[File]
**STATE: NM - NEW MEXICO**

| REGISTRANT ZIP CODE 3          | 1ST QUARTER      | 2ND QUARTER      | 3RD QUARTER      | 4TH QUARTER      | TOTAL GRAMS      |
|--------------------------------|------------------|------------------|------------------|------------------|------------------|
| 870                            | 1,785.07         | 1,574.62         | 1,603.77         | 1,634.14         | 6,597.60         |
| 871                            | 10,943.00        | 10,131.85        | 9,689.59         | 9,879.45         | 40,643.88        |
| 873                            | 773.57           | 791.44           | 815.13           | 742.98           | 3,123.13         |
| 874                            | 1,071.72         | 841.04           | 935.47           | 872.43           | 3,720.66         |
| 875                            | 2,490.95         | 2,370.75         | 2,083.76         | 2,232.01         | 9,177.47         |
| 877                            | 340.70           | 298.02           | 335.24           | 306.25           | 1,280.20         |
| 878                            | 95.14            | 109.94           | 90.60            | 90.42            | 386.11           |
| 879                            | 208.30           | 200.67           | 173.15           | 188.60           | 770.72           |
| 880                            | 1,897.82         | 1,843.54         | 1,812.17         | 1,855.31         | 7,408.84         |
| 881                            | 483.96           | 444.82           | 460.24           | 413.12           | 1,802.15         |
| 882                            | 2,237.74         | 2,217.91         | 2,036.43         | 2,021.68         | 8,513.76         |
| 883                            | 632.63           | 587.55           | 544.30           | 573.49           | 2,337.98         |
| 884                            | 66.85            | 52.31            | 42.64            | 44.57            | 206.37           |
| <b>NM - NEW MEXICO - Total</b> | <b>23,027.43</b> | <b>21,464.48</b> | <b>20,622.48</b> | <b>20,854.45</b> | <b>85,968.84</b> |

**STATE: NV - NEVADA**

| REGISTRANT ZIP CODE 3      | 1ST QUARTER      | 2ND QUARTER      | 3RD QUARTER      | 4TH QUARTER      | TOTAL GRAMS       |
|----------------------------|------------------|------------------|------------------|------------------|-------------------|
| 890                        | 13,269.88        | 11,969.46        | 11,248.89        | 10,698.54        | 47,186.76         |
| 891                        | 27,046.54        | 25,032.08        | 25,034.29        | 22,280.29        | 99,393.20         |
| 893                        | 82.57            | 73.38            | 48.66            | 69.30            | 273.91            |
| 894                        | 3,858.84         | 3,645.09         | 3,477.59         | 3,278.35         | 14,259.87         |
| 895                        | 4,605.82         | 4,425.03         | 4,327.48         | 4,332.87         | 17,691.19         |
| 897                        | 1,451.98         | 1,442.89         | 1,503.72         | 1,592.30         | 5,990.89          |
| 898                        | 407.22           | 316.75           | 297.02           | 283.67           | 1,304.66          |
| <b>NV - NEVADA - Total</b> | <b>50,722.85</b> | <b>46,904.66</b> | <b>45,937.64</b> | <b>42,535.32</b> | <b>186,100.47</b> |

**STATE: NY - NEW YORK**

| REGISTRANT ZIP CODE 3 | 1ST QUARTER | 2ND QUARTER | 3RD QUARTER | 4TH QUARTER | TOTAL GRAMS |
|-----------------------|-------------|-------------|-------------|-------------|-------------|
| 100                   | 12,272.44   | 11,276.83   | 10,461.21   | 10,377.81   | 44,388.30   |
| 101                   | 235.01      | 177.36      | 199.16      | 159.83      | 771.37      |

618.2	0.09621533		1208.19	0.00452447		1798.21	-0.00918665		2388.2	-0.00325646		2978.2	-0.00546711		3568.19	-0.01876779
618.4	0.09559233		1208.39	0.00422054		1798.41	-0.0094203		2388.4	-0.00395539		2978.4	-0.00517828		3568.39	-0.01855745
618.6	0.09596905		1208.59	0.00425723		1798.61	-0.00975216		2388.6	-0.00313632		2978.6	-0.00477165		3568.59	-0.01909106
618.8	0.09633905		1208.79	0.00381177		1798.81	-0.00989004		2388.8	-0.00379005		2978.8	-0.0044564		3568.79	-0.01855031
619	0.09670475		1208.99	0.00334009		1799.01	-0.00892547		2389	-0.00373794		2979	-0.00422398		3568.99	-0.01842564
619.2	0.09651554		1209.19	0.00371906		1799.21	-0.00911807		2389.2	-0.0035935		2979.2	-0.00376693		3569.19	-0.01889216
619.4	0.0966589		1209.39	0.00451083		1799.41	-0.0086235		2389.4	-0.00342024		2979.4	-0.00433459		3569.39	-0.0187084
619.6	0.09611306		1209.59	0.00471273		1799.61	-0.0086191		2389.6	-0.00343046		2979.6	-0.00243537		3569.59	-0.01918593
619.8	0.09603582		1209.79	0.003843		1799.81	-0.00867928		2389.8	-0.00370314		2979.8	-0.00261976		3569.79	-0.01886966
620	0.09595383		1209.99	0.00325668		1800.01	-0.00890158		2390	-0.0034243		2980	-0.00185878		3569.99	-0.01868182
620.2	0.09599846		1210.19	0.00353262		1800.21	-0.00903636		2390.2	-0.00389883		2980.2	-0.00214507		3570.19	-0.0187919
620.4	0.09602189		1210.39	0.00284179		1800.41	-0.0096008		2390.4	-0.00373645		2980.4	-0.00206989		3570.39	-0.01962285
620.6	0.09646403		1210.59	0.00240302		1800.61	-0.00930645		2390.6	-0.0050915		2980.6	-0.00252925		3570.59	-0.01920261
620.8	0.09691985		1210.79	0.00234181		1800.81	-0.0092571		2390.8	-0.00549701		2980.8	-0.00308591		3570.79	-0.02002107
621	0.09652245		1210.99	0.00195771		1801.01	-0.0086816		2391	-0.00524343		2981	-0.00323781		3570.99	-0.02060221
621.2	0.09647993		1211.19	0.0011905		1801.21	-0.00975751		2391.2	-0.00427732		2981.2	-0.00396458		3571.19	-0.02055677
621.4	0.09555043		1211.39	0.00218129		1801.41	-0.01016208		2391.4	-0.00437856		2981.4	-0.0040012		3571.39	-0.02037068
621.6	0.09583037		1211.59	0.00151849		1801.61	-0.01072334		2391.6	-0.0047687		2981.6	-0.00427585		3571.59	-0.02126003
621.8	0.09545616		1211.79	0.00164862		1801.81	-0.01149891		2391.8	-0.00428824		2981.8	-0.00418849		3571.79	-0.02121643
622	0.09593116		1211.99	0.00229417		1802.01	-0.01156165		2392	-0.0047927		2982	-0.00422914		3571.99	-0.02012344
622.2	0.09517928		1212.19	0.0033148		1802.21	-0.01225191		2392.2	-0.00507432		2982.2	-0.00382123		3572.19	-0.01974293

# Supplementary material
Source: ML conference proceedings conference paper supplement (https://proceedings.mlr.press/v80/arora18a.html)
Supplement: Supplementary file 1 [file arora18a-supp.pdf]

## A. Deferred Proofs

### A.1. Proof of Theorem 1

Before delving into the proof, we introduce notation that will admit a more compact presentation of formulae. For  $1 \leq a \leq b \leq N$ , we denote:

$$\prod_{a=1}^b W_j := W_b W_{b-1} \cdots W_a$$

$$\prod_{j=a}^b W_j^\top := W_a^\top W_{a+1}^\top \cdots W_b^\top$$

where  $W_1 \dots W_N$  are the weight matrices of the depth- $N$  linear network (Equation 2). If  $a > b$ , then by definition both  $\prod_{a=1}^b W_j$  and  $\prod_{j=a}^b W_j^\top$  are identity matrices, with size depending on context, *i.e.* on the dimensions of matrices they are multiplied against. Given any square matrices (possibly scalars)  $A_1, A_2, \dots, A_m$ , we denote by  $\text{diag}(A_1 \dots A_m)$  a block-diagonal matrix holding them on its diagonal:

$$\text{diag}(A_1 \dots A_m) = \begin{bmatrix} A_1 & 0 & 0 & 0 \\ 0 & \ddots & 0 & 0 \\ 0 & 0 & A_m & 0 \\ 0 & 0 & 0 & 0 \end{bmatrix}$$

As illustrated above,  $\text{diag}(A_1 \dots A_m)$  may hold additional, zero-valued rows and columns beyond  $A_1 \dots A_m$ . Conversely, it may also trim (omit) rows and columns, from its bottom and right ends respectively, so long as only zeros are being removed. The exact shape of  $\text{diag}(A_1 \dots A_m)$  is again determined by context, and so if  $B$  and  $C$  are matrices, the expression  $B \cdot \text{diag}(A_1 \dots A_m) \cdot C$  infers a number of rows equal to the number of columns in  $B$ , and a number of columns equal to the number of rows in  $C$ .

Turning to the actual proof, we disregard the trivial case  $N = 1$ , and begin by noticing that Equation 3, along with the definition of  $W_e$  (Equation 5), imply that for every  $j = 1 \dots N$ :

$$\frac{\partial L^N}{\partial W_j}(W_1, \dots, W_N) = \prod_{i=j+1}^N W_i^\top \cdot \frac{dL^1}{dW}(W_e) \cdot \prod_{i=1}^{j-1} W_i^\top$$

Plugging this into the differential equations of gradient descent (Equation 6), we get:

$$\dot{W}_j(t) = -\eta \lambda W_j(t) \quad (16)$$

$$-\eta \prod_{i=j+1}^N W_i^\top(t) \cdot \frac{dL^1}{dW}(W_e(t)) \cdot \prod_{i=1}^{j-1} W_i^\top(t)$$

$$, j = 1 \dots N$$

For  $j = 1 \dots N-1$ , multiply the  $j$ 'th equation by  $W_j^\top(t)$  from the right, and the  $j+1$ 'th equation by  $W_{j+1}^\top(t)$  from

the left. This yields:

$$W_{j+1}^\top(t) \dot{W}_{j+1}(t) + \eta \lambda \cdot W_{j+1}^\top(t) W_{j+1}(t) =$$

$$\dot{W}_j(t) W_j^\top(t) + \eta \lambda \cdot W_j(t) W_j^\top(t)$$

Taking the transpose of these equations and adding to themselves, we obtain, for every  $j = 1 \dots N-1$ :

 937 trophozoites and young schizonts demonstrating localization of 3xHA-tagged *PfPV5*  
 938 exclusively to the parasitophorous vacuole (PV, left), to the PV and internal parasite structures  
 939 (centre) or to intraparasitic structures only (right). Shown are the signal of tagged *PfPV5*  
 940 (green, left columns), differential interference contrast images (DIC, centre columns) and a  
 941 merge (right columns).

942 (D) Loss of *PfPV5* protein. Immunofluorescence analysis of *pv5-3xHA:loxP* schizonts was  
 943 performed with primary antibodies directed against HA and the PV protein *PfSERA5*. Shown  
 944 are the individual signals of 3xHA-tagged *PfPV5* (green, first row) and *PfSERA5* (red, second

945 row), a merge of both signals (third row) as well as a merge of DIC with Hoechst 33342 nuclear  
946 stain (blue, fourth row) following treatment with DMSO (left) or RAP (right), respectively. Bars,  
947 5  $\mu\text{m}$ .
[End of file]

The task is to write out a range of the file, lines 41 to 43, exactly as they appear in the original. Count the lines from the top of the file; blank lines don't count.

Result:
619.6	0.09611306		1209.59	0.00471273		1799.61	-0.0086191		2389.6	-0.00343046		2979.6	-0.00243537		3569.59	-0.01918593
619.8	0.09603582		1209.79	0.003843		1799.81	-0.00867928		2389.8	-0.00370314		2979.8	-0.00261976		3569.79	-0.01886966
620	0.09595383		1209.99	0.00325668		1800.01	-0.00890158		2390	-0.0034243		2980	-0.00185878		3569.99	-0.01868182